Fittings and monuments

Choir stalls, reredos and lectern: Designed by T Garratt and made by Hems, c1895.
(image) Font: C19 octagonal, with an arcaded bowl of dark marble, standing on a high base with two shafts each side and said to be an accurate copy of its predecessor (1 p45).  Nicholas Antram suggests it could be by Butterfield (BE(E) p121).
Font cover: Elaborate C19.
Glass:
1.  (North aisle window) Assemblage of C14 and C15 pieces, taken from the church in 1774, presented to Horace Walpole for Strawberry Hill and returned in 1921 (JSG 19 p311), when it was arranged by Kempe and Co.  Recognisable are St Laurence with a gridiron, and St Andrew with his cross.  Walpole believed that the figures included King Henry III and his wife (Friedman p235), but the date of the glass alone makes this unlikely.
2.  (East lancets) Clayton and Bell, 1881 (CDK 1880 pt 2 p160).
3.  (South aisle, west window) Clayton and Bell, 1881 (www.stainedglassrecords.org retrieved on 4/2/2013).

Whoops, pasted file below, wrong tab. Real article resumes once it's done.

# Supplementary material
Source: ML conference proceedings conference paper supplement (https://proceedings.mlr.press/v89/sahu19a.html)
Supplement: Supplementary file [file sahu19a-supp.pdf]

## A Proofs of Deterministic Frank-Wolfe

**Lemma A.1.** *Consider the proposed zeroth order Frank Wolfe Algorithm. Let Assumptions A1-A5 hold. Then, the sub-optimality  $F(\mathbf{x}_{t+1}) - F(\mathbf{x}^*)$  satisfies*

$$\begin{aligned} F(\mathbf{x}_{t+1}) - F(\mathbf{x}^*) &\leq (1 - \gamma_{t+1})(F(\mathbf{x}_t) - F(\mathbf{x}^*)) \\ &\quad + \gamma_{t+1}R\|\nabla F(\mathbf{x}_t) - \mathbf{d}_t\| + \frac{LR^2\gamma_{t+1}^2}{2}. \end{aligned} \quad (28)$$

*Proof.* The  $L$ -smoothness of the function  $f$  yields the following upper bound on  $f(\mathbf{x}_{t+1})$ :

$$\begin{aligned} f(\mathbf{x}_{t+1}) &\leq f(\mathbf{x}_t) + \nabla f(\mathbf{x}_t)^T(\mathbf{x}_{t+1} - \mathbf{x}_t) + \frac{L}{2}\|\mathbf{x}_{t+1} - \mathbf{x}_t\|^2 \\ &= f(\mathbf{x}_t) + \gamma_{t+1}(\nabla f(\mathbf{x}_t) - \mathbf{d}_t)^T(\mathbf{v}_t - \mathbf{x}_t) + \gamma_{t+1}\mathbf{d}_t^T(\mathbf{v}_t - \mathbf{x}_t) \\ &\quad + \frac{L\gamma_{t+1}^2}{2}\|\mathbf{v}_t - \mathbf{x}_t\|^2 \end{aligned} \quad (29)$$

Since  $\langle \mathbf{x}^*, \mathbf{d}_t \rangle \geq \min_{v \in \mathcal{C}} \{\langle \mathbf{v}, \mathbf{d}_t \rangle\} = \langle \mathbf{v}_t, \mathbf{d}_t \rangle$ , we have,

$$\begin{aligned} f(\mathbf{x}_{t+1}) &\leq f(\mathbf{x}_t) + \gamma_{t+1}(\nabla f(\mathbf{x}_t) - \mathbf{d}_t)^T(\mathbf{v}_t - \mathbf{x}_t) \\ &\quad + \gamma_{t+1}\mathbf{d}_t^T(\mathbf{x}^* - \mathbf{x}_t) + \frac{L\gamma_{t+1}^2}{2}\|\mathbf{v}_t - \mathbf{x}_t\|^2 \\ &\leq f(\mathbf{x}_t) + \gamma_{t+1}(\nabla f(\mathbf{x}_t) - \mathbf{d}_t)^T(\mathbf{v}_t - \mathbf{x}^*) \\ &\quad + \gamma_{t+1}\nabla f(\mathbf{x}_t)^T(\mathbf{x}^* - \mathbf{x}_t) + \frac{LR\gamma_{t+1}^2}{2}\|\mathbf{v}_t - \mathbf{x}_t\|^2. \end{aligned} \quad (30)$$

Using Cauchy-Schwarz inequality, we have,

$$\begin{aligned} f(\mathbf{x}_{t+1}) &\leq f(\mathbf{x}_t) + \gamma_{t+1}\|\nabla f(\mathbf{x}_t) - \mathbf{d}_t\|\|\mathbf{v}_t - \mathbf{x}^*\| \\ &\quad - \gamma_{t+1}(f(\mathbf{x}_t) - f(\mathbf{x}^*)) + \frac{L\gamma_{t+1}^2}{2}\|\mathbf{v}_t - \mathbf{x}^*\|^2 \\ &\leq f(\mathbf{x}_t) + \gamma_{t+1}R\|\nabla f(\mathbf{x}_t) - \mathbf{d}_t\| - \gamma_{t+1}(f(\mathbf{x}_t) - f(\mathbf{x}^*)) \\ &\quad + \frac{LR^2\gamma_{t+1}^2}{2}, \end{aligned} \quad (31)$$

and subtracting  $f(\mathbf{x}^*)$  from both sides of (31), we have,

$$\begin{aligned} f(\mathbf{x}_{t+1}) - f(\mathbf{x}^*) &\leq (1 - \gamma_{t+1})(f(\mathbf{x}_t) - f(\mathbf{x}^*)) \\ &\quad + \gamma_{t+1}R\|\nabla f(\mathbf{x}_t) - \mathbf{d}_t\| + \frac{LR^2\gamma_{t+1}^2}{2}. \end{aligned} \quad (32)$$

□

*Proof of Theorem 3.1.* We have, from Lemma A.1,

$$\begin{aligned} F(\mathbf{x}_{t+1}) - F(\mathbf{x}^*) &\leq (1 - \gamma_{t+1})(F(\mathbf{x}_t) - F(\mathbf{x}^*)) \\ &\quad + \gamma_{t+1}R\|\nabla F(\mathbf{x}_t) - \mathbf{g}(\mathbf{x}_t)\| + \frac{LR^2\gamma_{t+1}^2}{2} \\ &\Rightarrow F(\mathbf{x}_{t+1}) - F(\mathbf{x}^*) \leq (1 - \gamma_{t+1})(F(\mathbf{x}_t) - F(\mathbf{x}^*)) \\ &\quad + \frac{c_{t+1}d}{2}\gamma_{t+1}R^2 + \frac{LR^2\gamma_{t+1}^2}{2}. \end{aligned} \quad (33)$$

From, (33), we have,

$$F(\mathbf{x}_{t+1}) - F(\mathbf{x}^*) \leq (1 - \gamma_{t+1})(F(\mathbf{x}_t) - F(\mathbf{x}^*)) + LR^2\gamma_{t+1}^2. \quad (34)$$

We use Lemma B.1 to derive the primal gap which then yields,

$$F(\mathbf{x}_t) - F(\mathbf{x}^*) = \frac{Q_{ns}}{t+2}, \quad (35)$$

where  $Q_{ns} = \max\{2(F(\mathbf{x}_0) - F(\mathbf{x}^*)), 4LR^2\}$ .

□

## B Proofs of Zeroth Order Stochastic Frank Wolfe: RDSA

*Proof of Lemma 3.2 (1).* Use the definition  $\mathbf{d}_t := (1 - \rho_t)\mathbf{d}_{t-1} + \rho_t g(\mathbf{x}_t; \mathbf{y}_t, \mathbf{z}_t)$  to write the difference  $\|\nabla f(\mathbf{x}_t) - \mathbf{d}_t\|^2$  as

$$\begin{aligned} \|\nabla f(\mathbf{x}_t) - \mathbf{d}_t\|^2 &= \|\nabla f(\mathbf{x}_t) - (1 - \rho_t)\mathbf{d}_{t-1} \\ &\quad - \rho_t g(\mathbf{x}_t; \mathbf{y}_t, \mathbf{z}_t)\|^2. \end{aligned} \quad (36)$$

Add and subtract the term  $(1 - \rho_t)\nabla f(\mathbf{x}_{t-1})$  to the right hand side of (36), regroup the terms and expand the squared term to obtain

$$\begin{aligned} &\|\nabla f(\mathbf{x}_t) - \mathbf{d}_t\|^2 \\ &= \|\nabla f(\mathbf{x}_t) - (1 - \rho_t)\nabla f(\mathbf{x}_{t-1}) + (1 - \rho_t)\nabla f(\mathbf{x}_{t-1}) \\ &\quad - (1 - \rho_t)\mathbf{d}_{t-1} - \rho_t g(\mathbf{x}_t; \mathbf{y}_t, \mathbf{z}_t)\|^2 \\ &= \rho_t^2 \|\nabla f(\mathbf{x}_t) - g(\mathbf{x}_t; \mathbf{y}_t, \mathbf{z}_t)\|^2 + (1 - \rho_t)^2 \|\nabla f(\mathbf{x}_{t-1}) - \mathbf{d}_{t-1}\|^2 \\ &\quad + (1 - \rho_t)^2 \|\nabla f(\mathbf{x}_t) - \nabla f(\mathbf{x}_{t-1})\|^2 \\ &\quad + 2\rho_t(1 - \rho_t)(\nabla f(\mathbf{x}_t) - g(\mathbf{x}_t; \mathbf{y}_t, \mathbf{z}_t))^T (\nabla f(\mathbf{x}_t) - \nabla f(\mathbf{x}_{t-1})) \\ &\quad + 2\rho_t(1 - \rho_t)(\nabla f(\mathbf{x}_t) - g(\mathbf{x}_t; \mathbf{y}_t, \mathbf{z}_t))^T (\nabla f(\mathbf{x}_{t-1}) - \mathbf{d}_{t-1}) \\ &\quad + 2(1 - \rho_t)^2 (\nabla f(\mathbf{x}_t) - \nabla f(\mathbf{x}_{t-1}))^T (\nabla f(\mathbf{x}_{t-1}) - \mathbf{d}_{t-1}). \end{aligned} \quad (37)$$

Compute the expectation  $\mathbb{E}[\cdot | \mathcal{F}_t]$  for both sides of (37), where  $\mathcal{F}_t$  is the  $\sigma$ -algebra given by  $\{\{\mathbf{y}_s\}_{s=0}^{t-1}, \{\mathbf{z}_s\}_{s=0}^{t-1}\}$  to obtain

4.  (North chapel east window) Clayton and Bell, 1888 (CDK 1888 pt 2 p138).
5.  (West window) Burlison and Grylls, 1891 (www.stainedglassrecords.org retrieved on 4/2/2013).
6.  (South east chancel window) J Powell and Sons, 1892, with angels (Order book).
7.  (North aisle, east window, W B Reynolds, St Nicholas, 1908 (www.stainedglassrecords.org retrieved on 4/2/2013).
8.  (south aisle, first and second windows) Heaton, Butler and Bayne, 1921 and 1917 (ibid).  These may be identical with the glass, said to be of unknown date and position by S Bayne (p126).
9.  (North chapel, north window) P W Cole, 1922 (ibid).